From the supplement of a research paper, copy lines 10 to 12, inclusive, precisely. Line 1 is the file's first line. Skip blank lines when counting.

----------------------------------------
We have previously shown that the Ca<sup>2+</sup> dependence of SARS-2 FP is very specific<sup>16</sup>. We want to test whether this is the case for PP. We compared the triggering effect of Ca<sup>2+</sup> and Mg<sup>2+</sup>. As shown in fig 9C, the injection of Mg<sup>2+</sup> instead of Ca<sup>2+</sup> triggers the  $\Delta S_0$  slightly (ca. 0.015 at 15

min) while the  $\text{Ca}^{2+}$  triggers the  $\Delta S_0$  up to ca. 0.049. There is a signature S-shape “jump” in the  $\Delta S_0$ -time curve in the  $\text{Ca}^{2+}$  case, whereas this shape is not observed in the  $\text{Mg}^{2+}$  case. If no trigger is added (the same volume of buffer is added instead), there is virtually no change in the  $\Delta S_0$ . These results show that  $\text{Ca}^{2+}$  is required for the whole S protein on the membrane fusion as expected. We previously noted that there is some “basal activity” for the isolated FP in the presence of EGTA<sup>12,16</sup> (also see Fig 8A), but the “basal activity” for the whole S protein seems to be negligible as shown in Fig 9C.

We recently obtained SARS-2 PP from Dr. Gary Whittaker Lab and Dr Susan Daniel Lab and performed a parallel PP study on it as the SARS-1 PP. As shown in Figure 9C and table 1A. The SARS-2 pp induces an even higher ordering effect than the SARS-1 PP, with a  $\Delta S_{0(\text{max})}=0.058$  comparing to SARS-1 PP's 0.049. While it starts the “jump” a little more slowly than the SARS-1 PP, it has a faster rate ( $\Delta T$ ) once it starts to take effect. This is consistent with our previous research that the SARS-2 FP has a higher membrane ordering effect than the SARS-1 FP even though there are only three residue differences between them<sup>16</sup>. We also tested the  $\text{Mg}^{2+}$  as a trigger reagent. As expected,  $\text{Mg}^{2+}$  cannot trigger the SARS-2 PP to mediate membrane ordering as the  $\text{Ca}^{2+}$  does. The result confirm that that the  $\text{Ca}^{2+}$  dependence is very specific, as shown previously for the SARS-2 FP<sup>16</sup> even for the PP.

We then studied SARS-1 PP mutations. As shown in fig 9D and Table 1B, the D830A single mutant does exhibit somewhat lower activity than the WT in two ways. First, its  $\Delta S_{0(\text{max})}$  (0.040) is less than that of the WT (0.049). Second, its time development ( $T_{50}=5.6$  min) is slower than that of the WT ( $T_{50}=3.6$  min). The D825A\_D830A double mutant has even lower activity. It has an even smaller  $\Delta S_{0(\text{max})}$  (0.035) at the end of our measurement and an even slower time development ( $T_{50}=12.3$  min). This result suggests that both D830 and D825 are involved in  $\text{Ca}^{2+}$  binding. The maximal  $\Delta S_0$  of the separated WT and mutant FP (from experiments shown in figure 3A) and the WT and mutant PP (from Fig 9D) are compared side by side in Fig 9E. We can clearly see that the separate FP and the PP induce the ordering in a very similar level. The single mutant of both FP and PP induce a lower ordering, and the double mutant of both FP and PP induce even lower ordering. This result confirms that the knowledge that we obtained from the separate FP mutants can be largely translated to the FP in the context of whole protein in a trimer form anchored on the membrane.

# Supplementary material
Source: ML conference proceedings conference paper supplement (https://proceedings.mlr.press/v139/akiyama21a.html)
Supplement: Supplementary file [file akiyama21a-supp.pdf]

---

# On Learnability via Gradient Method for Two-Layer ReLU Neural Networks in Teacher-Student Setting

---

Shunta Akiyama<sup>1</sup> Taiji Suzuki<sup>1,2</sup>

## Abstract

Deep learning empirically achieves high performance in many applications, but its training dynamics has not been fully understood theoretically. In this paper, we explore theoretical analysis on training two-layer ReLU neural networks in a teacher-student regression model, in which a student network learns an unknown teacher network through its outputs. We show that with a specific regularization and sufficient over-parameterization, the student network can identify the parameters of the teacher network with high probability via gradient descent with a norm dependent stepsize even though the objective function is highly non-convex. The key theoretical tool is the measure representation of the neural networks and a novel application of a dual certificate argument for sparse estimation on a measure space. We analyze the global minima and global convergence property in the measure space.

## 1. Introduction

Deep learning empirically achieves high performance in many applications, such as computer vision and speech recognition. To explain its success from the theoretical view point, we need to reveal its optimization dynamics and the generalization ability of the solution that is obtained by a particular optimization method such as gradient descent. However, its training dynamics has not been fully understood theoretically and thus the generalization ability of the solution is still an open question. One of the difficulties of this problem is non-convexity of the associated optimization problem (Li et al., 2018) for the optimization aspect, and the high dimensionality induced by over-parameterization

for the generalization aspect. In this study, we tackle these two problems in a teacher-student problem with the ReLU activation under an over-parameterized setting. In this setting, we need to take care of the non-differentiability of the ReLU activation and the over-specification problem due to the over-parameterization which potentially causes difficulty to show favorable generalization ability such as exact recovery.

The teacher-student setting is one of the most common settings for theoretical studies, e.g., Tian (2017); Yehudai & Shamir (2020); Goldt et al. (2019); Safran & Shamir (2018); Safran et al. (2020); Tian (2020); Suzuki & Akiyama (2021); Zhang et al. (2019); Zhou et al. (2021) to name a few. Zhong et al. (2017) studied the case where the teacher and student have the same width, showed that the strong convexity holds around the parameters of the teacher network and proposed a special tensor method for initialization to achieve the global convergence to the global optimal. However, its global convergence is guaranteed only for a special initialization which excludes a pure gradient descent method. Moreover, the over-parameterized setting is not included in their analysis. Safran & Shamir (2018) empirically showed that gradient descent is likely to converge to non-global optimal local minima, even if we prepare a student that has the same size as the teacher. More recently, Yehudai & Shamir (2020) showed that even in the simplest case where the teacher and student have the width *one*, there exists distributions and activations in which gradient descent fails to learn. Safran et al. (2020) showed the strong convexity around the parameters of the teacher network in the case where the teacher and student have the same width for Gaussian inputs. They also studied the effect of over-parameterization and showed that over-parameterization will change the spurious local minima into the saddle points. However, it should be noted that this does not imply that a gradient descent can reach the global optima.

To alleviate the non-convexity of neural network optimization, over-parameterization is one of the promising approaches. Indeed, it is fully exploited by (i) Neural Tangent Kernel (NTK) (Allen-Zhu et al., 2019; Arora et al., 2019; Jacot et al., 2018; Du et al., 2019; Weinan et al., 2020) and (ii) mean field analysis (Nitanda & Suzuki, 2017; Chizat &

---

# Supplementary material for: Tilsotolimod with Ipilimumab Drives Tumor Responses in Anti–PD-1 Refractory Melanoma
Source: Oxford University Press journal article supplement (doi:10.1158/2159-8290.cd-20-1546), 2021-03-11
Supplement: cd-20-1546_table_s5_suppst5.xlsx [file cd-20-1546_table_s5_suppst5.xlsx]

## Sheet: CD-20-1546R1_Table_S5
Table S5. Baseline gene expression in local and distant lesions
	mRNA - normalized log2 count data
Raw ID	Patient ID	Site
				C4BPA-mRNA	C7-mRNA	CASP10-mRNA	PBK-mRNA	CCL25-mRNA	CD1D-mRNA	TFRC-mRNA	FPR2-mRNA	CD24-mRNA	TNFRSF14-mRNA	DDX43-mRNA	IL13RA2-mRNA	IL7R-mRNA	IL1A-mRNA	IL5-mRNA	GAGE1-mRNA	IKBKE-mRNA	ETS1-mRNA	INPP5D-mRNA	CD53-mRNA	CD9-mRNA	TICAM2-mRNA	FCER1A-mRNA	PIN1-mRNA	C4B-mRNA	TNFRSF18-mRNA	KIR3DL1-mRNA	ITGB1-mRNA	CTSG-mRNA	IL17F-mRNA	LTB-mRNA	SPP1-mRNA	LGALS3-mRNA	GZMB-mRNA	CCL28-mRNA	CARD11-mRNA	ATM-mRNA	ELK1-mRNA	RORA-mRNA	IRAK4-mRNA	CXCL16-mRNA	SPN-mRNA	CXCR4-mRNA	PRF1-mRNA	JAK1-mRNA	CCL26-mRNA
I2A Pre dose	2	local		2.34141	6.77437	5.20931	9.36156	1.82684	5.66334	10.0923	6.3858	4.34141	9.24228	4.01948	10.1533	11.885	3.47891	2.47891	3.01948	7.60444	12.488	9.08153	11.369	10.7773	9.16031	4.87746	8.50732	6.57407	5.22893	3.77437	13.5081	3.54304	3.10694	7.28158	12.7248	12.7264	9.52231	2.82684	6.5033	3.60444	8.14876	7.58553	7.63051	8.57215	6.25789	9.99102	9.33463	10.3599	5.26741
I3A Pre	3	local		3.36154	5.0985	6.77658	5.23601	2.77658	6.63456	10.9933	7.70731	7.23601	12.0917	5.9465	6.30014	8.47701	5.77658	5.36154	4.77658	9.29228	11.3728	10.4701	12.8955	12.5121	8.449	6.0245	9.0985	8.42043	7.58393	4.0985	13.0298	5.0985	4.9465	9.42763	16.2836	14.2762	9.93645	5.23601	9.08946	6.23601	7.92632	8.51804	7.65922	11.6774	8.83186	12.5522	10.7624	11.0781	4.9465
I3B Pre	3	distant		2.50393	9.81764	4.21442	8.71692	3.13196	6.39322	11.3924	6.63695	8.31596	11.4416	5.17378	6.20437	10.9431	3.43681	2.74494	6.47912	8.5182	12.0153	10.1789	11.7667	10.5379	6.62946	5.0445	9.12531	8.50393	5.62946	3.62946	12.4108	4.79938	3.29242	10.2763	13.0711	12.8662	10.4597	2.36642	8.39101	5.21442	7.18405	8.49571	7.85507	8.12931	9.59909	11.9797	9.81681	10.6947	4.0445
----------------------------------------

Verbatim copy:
---

Shunta Akiyama<sup>1</sup> Taiji Suzuki<sup>1,2</sup>

## Abstract